Lots of pet owners overlook their dog’s feet when they think about health and maintenance. Sure, they may consider a nail trim when they hear the constant clacking on the hardwood floors, but there’s a lot more to be done when considering your dog’s paw health and comfort.
Just like you, your dog relies upon his feet to bear his weight while walking and playing. The biggest difference between the two of you, other than the fact that he has twice as many to think about, is that most dogs don’t have the luxury of socks and shoes. Your dog’s paws see the icy conditions of winter, the cold and wet mud of spring, the boiling pavement of summer, and the brittle sticks of autumn. Can you imagine waltzing through all of those conditions with your bare feet? The pads of your dog’s paws need a lot of protection since they provide the first line of defense and insulation for his joints and bones against extreme weather and everyday exposure.
- Pedicures for Pooches: Keep your dog’s nails trimmed for her health and comfort! If you can hear them hit the ground when she walks, that means they are too long. If you are not comfortable trimming them at home, a vet or groomer will be happy to do the job for you. You can even take your dog’s nail clippers in and have them teach you how to do it at home!
- Toe Hair? Yes, even the cutest little doggie feet get overrun by hair! To prevent mats and debris from collecting and tangling between pads, keep that foot hair trimmed evenly with the pads.
- Spread those Toes! Regularly check between your dog’s toes to make sure nothing is stuck there. Between-toe culprits include foxtails, pebbles, glass, and burdocks can easily become lodged between pads. If you spot something, carefully remove it by hand or with tweezers.
- Moisturize. I have yet to see a dog more than a couple of months old that doesn’t have dry and cracked pads. That must be pretty uncomfortable! Ask your vet about moisturizing cream for dog feet. The kind that is made especially for them is best since human cream can make them too soft and prone to injuries.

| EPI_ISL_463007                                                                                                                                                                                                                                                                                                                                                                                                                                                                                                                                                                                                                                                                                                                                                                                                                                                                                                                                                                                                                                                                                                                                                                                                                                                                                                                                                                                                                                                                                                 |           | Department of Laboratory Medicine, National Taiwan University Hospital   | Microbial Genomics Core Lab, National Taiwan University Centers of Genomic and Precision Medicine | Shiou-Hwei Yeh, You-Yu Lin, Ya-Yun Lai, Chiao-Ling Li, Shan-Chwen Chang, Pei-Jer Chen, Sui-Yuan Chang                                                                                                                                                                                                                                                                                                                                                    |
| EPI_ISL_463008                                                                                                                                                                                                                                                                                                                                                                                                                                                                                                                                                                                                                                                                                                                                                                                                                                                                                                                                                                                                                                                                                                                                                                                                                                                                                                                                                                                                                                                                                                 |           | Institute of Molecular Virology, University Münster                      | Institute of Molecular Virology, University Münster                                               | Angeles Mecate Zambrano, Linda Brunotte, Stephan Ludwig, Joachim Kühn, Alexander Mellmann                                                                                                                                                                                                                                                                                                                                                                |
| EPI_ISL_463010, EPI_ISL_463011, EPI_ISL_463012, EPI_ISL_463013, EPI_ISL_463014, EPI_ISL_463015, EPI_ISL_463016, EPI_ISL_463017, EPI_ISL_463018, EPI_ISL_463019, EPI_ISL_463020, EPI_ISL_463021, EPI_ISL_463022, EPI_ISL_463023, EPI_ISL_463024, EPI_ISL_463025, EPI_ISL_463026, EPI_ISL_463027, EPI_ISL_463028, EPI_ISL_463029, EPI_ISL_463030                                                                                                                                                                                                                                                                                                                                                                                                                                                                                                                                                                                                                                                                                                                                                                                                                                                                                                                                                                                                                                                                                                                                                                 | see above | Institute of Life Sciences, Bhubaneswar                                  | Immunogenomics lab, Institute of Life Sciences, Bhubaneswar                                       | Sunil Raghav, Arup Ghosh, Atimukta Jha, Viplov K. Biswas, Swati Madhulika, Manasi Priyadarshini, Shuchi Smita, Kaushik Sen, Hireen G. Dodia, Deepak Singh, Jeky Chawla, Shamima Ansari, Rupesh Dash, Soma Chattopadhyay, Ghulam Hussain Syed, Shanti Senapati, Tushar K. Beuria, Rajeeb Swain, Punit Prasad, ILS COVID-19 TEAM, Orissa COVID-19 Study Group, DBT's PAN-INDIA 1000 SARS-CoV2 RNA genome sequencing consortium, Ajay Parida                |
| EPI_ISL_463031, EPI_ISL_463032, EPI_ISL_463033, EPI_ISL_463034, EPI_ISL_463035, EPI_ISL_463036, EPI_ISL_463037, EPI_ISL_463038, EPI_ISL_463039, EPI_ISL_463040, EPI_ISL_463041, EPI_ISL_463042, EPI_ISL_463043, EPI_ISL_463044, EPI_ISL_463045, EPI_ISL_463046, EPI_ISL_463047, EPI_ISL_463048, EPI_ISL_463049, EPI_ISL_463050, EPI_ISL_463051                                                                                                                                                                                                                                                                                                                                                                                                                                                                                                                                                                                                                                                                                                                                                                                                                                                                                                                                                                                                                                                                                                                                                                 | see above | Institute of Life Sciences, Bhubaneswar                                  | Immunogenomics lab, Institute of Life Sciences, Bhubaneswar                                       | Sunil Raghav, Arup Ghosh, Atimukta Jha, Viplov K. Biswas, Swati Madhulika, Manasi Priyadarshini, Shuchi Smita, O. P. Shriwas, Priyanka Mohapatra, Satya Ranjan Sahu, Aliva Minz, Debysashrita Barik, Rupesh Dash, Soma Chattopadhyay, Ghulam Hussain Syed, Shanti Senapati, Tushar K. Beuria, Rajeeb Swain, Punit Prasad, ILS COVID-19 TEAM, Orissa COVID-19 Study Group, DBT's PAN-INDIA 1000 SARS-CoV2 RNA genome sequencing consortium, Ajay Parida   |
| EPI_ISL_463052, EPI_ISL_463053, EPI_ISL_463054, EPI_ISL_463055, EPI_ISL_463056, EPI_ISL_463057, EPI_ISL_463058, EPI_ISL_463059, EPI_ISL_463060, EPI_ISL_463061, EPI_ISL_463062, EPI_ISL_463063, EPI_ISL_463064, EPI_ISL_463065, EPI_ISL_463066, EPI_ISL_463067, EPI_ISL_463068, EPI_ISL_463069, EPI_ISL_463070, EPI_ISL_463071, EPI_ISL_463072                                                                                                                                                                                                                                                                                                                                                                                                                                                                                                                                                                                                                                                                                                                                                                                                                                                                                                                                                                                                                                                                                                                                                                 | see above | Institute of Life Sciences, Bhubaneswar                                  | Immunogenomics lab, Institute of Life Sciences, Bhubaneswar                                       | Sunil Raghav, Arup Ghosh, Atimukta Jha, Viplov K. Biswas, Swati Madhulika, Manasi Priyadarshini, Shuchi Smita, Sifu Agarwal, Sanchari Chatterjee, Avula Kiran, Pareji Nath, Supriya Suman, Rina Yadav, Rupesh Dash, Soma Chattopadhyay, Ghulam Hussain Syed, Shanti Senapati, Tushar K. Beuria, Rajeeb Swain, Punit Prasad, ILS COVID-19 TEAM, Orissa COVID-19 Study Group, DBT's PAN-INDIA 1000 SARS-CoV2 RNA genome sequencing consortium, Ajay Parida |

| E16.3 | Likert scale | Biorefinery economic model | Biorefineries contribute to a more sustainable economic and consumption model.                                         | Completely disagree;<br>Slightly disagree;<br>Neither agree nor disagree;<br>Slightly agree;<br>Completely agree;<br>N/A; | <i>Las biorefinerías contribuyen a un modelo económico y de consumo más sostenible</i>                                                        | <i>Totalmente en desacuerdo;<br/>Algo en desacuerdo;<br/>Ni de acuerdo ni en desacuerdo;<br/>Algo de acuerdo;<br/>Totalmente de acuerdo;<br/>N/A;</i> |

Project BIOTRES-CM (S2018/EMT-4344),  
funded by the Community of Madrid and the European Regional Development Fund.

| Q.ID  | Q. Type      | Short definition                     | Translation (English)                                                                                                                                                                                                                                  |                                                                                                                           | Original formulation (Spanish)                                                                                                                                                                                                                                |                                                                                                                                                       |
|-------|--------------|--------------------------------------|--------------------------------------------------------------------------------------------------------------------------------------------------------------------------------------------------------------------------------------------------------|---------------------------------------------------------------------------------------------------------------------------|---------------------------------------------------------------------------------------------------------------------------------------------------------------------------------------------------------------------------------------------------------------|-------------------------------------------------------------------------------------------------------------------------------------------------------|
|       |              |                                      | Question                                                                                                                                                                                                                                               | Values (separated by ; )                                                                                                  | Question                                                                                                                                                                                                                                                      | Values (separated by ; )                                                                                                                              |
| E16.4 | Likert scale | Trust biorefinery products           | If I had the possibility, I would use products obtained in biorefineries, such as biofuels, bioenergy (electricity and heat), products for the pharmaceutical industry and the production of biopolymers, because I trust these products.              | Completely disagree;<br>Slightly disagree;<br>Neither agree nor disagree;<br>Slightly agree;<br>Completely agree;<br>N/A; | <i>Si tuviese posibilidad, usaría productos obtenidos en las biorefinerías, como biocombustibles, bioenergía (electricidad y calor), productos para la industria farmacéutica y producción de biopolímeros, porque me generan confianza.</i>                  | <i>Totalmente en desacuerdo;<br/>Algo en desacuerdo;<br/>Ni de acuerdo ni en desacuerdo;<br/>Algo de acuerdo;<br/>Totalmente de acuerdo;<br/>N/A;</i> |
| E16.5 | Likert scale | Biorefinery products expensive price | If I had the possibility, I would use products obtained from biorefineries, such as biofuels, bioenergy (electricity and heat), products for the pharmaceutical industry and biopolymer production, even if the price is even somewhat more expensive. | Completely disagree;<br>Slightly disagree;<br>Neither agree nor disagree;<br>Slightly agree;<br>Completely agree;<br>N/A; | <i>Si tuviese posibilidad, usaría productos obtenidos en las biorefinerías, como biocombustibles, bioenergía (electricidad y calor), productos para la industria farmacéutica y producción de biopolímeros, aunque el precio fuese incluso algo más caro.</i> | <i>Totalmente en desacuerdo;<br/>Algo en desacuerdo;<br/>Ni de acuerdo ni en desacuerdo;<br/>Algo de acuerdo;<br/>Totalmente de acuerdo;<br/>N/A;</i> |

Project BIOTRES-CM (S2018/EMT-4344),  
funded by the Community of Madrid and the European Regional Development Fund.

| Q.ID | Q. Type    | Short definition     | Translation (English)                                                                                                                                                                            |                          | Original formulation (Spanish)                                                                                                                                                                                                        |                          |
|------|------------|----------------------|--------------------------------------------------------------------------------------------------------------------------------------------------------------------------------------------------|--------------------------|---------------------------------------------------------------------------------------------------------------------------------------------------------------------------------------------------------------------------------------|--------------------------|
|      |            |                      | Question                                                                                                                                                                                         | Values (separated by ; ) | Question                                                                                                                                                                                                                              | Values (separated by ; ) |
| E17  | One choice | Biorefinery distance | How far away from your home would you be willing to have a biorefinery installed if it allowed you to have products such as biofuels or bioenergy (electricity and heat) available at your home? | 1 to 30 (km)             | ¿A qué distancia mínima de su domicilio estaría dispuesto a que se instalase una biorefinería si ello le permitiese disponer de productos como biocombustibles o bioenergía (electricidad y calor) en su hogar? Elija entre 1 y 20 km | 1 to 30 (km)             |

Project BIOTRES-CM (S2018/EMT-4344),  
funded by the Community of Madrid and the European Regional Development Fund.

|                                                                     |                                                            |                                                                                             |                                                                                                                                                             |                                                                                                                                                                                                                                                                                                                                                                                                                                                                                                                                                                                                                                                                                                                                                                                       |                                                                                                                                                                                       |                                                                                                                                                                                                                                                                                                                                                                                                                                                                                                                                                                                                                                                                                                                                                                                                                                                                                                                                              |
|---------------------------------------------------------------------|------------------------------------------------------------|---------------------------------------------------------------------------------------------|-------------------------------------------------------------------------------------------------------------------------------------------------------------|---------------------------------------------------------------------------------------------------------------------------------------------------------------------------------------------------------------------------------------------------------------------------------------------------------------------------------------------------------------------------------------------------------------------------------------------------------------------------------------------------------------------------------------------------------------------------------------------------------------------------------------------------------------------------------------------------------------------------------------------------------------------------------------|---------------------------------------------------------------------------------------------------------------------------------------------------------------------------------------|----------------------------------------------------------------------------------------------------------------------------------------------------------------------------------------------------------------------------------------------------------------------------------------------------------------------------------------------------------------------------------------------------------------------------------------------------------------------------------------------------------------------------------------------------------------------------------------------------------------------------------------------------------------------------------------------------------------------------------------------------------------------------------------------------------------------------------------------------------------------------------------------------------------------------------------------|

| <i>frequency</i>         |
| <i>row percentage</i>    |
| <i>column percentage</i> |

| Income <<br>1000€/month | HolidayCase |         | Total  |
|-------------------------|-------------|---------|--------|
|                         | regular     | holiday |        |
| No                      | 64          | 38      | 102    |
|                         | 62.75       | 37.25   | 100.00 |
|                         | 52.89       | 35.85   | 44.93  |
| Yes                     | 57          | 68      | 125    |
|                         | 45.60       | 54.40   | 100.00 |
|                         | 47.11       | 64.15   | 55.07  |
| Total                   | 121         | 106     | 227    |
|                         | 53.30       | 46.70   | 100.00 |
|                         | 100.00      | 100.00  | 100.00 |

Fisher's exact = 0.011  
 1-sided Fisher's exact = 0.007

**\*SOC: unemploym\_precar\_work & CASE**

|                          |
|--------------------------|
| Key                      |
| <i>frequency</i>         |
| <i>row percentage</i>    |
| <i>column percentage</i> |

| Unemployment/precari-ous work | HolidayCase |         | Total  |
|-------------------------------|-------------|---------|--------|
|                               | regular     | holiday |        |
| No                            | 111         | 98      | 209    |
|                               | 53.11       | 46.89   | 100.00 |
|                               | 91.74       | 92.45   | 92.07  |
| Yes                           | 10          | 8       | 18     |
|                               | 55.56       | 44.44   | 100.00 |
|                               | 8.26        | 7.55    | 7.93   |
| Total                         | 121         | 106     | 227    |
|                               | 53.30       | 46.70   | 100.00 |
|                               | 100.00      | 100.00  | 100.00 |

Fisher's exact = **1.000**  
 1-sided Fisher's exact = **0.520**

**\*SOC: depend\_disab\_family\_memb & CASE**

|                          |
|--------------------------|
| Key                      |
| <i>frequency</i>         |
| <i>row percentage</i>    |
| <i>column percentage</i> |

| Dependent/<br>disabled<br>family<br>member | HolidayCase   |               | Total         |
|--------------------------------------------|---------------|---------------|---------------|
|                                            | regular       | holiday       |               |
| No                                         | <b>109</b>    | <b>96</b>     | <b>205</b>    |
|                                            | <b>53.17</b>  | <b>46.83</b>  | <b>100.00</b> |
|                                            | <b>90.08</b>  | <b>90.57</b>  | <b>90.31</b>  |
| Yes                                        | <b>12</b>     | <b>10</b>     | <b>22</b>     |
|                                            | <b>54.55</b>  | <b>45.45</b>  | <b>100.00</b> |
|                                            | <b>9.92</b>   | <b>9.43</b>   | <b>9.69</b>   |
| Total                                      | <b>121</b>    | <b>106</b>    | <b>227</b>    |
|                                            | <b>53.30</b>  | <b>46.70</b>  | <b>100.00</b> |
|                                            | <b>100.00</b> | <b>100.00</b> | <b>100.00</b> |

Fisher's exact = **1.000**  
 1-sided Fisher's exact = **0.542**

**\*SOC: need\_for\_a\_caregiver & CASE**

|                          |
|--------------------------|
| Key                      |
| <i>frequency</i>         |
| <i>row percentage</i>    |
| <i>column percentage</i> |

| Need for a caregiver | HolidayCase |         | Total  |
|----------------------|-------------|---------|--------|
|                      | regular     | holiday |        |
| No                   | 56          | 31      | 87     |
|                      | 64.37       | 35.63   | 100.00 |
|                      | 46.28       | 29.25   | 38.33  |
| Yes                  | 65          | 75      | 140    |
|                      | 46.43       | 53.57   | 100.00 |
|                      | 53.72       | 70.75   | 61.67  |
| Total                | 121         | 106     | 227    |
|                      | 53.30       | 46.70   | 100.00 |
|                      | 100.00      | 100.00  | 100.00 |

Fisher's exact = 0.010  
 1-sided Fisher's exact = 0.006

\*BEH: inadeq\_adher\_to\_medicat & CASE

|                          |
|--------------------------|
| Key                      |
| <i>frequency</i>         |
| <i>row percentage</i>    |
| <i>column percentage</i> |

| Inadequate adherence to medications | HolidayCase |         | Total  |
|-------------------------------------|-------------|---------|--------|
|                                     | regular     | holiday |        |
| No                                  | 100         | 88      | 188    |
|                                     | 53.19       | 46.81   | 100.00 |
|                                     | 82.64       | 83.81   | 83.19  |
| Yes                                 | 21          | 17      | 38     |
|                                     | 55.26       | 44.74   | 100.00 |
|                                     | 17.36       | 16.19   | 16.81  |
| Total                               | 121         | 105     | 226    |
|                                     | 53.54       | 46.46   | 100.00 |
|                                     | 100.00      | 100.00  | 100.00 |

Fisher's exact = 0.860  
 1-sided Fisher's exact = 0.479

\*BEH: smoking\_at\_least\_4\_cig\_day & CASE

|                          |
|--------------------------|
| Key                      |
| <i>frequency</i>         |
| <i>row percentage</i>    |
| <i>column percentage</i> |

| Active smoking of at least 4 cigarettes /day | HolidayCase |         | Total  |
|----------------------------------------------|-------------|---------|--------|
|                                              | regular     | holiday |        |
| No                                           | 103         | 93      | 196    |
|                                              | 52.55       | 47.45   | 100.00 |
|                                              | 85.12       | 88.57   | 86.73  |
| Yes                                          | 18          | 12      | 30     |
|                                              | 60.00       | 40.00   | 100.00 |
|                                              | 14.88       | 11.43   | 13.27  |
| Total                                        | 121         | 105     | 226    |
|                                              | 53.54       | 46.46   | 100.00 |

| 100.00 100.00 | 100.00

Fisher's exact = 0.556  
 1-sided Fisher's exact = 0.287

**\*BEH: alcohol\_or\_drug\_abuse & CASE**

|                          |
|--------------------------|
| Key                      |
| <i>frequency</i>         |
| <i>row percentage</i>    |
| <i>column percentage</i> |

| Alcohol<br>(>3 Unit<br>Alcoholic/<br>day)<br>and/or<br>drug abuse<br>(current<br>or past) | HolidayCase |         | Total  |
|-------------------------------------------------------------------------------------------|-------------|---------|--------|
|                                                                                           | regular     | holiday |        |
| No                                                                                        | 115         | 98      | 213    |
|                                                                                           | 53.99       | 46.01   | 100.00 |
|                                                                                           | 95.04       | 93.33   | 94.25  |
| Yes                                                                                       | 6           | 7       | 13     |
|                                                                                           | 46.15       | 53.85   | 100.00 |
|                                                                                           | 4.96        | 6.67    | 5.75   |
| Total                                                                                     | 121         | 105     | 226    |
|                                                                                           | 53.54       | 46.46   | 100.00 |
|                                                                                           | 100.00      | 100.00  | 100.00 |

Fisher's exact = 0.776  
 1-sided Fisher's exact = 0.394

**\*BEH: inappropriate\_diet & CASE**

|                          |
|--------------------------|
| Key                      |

- Massage. Massaging your dog’s feet will relax him and induce circulation, both of which are good things! Rub between each pad and then between each toe.
- Exercise Caution! Exercise is a great, beneficial, and extremely necessary thing for all dogs to engage in but be careful not to do too much, too soon. If your dog is not used to pounding the pavement, the shock to his feet could cause serious discomfort. Start slowly and pay attention to his tootsies.
- Antiseptic Wash. If your dog gets something lodged in his foot or gets a cut on his pad, be sure to treat it immediately. He can’t tell you something hurts so you need to watch for excessive licking or limping. Wounds that are small can be treated at home with antibacterial wash and wrapped in gauze. Neosporin is a miracle for pets and for people!
- Blistering Temperatures. Your dog enjoys walking on hot pavement almost as much as you do. Don’t take him out on summer tar, pavement, or sand unless he has his shoes on. His feet can burn and blister which will cause excruciating pain for him.
- Cold Extremes. In the winter, be sure to keep your pups paws enclosed when he goes outside. Dogs with long hair often come inside with ice balls hanging from their feet and limp or whine until they melt. Pads can easily become frostbitten or damaged from rock salt and chemicals on the roads. You can coat them in Vaseline, cover them with shoes, and rinse them in warm water during and after wintertime walks.
- Doggy-proof the Yard. To avoid any injuries around the house, keep his yard free from branches, broken glass, and thorny plants. If you wouldn’t want to go barefoot there, neither would he!